The issue for Calvin was not, ﬁrst, the well-known sticking points of the Reformation: justiﬁcation, priestly abuses, transubstantiation, prayers to saints, and papal authority. All those would come in for discussion. But beneath all of them, the fundamental issue for Calvin, from the beginning to the end of his life, was the issue of the centrality and supremacy and majesty of the glory of God.
In 1538, the Italian Cardinal Sadolet wrote to the leaders of Geneva trying to win them back to the Roman Catholic Church after they had turned to the Reformed teachings. John Calvin’s response to Sadolet uncovers the root of Calvin’s quarrel with Rome that would determine his whole life.
Here’s what Calvin wrote to the cardinal: “[Your] zeal for heavenly life [is] a zeal which keeps a man entirely devoted to himself, and does not, even by one expression, arouse him to sanctify the name of God” (John Calvin: Selections from His Writings, 89). The issue for Calvin was not, ﬁrst, the well-known sticking points of the Reformation: justiﬁcation, priestly abuses, transubstantiation, prayers to saints, and papal authority. All those would come in for discussion. But beneath all of them, the fundamental issue for Calvin, from the beginning to the end of his life, was the issue of the centrality and supremacy and majesty of the glory of God.
Calvin goes on and says to Sadolet that what he should do — and what Calvin aims to do with all his life — is “set before [man], as the prime motive of his existence, zeal to illustrate the glory of God” (Selections, 89). This would be a ﬁtting banner over all of John Calvin’s life and work — zeal to illustrate the glory of God. The essential meaning of Calvin’s life and preaching is that he recovered and embodied a passion for the absolute reality and majesty of God.
Captive to Glory
What happened to John Calvin to make him a man so mastered by the majesty of God? And what kind of ministry did this produce in his life?
He was born July 10, 1509, in Noyon, France, when Martin Luther was 25 years old and had just begun to teach the Bible in Wittenberg. When he was 14, his father sent him to study theology at the University of Paris, which at that time was untouched by the Reformation and steeped in Medieval theology. But ﬁve years later (when Calvin was 19), his father ran afoul of the church and told his son to leave theology and study law, which he did for the next three years at Orleans and Bourges.
His father died in May of 1531, when Calvin was 21. Calvin felt free then to turn from law to his ﬁrst love, which had become the classics. He published his first book, a commentary on Seneca, in 1532, at the age of 23. But sometime during these years he was coming into contact with the message and the spirit of the Reformation, and by 1533 something dramatic had happened in his life.
Calvin recounts, seven years later, how his conversion came about. He describes how he had been struggling to live out the Catholic faith with zeal when
I at length perceived, as if light had broken in upon me, in what a sty of error I had wallowed, and how much pollution and impurity I had thereby contracted. Being exceedingly alarmed at the misery into which I had fallen . . . as in duty bound, [I] made it my ﬁrst business to betake myself to thy way [O God], condemning my past life, not without groans and tears.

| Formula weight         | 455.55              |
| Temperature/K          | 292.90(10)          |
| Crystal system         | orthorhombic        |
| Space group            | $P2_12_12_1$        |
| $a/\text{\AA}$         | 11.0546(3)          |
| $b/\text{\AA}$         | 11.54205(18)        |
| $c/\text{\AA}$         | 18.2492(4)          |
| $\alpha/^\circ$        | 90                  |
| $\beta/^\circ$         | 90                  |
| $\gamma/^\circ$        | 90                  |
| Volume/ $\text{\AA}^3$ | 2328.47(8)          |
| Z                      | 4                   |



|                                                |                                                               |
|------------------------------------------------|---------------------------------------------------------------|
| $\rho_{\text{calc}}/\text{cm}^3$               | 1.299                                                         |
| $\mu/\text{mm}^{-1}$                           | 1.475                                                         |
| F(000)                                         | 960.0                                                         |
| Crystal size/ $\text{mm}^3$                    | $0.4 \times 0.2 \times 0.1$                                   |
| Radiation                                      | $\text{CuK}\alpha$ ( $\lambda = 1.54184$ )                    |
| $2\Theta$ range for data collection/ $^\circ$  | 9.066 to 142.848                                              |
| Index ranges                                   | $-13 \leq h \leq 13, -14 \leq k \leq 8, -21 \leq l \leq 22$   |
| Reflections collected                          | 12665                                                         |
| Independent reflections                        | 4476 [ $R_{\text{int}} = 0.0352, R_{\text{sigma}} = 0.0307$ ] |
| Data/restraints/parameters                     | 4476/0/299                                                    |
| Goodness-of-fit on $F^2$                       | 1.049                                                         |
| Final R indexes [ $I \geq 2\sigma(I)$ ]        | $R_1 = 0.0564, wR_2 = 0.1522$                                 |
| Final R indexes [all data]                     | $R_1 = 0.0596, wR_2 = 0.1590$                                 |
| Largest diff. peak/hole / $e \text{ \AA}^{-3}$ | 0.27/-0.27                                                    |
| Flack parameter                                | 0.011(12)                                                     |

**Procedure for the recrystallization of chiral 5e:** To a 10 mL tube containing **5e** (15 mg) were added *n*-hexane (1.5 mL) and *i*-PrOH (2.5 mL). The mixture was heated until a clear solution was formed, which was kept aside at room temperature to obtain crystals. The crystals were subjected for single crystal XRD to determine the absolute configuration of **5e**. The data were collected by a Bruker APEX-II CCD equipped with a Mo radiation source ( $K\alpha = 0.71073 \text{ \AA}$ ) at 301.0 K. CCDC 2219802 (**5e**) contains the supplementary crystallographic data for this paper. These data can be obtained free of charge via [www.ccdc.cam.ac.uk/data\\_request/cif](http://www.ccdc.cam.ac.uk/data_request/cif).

God, by a sudden conversion, subdued and brought my mind to a teachable frame. . . . Having thus received some taste and knowledge of true godliness, I was immediately inﬂamed with [an] intense desire to make progress. (Selections, 26)
What was the foundation of Calvin’s faith that yielded a life devoted utterly to displaying the glory and majesty of God? The answer seems to be that Calvin suddenly, as he says, saw and tasted in Scripture the majesty of God. And in that moment, both God and the word of God were so powerfully and unquestionably authenticated to his soul that he became the loving servant of God and his word the rest of his life. Henceforth he would be a man utterly devoted to displaying the majesty of God by the exposition of the word of God.
Compelled to Geneva
What form would that ministry take? Calvin knew what he wanted. He wanted the enjoyment of literary ease so he could promote the Reformed faith as a literary scholar. That is what he thought he was cut out for by nature. But God had radically different plans.
In 1536, Calvin left France, taking his brother Antoine and sister Marie with him. He intended to go to Strasbourg and devote himself to a life of peaceful literary production. But one night, as Calvin stayed in Geneva, William Farel, the ﬁery leader of the Reformation in that city, found out he was there and sought him out. It was a meeting that changed the course of history, not just for Geneva, but for the world. Calvin tells us what happened in his preface to his commentary on Psalms:
Farel, who burned with an extraordinary zeal to advance the gospel, immediately learned that my heart was set upon devoting myself to private studies, for which I wished to keep myself free from other pursuits, and ﬁnding that he gained nothing by entreaties, he proceeded to utter an imprecation that God would curse my retirement, and the tranquillity of the studies which I sought, if I should withdraw and refuse to give assistance, when the necessity was so urgent. By this imprecation I was so stricken with terror, that I desisted from the journey which I had undertaken. (Selections, 28)